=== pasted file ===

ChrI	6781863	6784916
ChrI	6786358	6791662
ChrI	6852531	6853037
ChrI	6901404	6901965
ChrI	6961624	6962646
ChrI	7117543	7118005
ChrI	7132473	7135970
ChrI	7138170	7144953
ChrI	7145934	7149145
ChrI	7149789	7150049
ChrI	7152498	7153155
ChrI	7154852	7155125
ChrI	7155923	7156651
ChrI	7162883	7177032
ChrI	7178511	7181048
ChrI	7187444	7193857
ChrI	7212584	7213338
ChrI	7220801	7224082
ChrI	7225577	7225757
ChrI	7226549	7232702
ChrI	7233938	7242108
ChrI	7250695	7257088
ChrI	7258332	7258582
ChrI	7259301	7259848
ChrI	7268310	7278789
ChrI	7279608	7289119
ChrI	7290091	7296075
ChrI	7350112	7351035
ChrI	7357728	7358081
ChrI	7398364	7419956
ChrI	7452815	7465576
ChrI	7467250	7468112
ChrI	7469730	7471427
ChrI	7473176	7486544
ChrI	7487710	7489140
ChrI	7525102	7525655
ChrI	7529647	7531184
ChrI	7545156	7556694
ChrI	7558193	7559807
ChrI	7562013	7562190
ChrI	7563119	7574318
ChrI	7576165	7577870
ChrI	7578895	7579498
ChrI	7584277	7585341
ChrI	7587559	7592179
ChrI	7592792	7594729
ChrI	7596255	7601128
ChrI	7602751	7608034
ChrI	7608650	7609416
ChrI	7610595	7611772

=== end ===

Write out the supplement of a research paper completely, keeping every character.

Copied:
ChrI	6781863	6784916
ChrI	6786358	6791662
ChrI	6852531	6853037
ChrI	6901404	6901965
ChrI	6961624	6962646
ChrI	7117543	7118005
ChrI	7132473	7135970
ChrI	7138170	7144953
ChrI	7145934	7149145
ChrI	7149789	7150049
ChrI	7152498	7153155
ChrI	7154852	7155125
ChrI	7155923	7156651
ChrI	7162883	7177032
ChrI	7178511	7181048
ChrI	7187444	7193857
ChrI	7212584	7213338
ChrI	7220801	7224082
ChrI	7225577	7225757
ChrI	7226549	7232702
ChrI	7233938	7242108
ChrI	7250695	7257088
ChrI	7258332	7258582
ChrI	7259301	7259848
ChrI	7268310	7278789
ChrI	7279608	7289119
ChrI	7290091	7296075
ChrI	7350112	7351035
ChrI	7357728	7358081
ChrI	7398364	7419956
ChrI	7452815	7465576
ChrI	7467250	7468112
ChrI	7469730	7471427
ChrI	7473176	7486544
ChrI	7487710	7489140
ChrI	7525102	7525655
ChrI	7529647	7531184
ChrI	7545156	7556694
ChrI	7558193	7559807
ChrI	7562013	7562190
ChrI	7563119	7574318
ChrI	7576165	7577870
ChrI	7578895	7579498
ChrI	7584277	7585341
ChrI	7587559	7592179
ChrI	7592792	7594729
ChrI	7596255	7601128
ChrI	7602751	7608034
ChrI	7608650	7609416
ChrI	7610595	7611772